At the very least, stomach pain is painful and frustrating.

At its worse, stomach pain can be very debilitating — making it impossible to eat, travel, or sleep well. If your diet and physical wellbeing haven’t improved, but you’ve had more stomach pain recently, it could be a sign of stress.


Experts in integrative medicine and neuroscience have been researching on how to distinguish indigestion from stress-induced stomach pain.


Does stress trigger pain in the stomach?

Stomach discomfort has multiple causes, and stress can be one of them. This can interact with digestion due to the intestine’s connection to the brain through the vagus nerve. Our stomach and intestines have their unique nervous network called the enteric nervous network. These nerves react to the same stress hormones and neurotransmitters as our brains do. The chemicals you produce while you’re worried will invade the digestive system and interrupt the digestion cycle, triggering abdominal pain.


How do you differentiate stress-induced pain from indigestion?

It can be challenging to differentiate stress-related abdominal pain from other abdominal pain types. They sometimes show the same signs, with the same severity, and they may be related.


If you have specific digestive or diet-related disorders, taking probiotic supplements is the best option to relieve symptoms better. When the metabolism is balanced, it is easier to know whether discomfort triggers stomach pain or merely increases symptoms.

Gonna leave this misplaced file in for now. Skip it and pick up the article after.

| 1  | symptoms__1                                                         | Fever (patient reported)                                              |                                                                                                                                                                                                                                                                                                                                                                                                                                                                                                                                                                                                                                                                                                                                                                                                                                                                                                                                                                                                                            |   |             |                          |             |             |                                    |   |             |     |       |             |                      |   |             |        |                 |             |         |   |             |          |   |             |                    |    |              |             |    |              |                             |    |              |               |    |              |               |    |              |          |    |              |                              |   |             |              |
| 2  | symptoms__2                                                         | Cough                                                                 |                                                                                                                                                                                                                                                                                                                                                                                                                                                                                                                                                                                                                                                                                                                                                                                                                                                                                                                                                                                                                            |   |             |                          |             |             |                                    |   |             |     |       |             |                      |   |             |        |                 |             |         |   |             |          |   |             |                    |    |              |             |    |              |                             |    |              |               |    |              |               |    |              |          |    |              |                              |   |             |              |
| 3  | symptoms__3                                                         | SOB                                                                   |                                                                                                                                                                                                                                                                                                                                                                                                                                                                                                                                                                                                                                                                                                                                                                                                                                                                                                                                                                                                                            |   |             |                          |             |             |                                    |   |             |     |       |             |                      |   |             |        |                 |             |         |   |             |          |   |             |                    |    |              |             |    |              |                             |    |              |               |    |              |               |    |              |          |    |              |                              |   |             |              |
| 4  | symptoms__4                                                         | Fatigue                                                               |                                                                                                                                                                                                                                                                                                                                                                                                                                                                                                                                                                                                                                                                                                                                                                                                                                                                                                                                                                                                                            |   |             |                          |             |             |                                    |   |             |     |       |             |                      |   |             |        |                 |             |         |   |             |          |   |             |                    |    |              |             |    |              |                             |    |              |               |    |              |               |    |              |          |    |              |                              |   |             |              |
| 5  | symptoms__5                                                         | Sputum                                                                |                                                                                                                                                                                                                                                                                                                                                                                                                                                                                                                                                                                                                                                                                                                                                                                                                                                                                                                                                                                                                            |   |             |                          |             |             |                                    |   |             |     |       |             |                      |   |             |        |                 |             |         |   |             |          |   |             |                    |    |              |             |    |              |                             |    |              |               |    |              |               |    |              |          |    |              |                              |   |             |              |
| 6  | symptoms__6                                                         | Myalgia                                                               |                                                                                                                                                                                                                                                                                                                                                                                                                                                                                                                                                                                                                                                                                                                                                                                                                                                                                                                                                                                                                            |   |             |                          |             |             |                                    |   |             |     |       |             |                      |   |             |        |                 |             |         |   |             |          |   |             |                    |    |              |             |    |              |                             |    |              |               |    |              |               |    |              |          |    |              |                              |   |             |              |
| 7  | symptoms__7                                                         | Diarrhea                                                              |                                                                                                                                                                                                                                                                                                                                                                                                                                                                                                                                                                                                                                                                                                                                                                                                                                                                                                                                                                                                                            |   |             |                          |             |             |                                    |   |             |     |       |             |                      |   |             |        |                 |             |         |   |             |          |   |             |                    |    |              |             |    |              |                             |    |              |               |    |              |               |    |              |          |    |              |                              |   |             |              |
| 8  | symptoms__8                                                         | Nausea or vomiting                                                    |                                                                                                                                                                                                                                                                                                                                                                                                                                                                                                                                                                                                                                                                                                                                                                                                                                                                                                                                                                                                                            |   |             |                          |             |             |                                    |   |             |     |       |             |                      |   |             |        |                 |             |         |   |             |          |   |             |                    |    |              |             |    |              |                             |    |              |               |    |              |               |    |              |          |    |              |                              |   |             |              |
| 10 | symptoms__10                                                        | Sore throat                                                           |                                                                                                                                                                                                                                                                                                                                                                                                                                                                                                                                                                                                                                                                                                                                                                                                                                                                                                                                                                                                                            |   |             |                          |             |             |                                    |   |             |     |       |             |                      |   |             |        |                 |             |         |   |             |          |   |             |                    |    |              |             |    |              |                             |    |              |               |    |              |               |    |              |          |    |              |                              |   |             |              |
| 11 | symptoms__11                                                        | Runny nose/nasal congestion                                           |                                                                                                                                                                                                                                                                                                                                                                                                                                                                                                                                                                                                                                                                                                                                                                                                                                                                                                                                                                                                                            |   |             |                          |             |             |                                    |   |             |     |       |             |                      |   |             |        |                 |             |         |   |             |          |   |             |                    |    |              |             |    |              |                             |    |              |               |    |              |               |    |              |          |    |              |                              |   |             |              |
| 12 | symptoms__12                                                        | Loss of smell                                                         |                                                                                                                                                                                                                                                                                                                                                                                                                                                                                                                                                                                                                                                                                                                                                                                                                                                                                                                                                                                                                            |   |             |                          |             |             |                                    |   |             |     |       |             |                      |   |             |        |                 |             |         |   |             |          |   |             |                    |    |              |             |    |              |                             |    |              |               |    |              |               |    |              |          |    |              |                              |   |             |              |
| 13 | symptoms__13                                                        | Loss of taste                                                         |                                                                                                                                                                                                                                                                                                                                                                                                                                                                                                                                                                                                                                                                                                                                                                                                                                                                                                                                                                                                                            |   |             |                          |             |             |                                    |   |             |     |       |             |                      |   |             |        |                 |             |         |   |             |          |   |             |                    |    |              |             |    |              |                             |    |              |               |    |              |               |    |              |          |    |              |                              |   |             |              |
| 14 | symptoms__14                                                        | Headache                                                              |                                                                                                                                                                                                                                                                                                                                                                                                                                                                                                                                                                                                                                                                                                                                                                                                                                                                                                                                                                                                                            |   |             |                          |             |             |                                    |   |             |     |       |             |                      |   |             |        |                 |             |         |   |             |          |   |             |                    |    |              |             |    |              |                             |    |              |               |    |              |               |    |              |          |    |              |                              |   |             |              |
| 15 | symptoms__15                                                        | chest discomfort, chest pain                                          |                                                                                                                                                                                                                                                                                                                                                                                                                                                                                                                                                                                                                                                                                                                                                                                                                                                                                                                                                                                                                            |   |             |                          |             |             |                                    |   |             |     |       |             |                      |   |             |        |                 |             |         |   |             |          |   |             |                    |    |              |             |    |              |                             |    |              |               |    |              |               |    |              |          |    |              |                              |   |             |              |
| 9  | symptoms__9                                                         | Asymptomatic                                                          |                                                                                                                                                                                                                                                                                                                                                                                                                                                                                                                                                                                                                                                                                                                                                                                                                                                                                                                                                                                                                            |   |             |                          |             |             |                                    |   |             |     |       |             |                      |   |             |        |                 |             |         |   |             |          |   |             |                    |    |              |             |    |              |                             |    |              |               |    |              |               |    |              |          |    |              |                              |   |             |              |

Stomach pain may be a mixture of natural indigestion and discomfort due to the link between the head and the intestine. The intestinal microbiota is an essential part of this link. There are three to five times more serotonin receptors in the intestine than the brain; this may be why the intestinal microbiome is closely related to our mood. Therefore, even though it starts as a physical disorder, stress can intensify any pre-existing stomach pain.


One way to narrow down the fundamental causes is by keeping a routine pain log for your doctor. If you begin to feel stomach pain, write down the time of day, what meal you’ve consumed, what type of physical exercise you’ve taken part in, and the present mental condition. 

Both of these things will help the doctor find out why you have discomfort. It’s always important to bear in mind that stress generally affects the entire body — not just digestion — which may lead to fast breathing, a general sense of nervousness, which rushing thoughts.


Within a short timeline, abdominal pain always occurs after the stressor happens. It’s acute for some people, and it’s a little sluggish for others. When you can name a stressor—whether physical or emotional—responsible for the suffering, you will handle it until it is troublesome.


How to deal with stress-related stomach pain?

When you feel the stress is caused, one of the easiest, first aid ways to quell anxiety-or stress-induced stomach pain is to practice slow breathing. It helps our intestines and brains to interact with each other and encourages them to start calming down. Treating chronic stress is mandatory to feel long term relief. 


You have to manage your stress, the same as you manage your sports and dietary routine.


Whether your stomach pain is due to indigestion or fatigue, it’s essential to pay attention to your body and what it’s trying to tell you. The more you know the symptoms and what induces them, the more you can grasp what you need to do to minimize these emotions and safely treat them. When you have regular or severe abdominal pain, make sure to speak to the doctor and get to the root of the problem to decide the right course of action.


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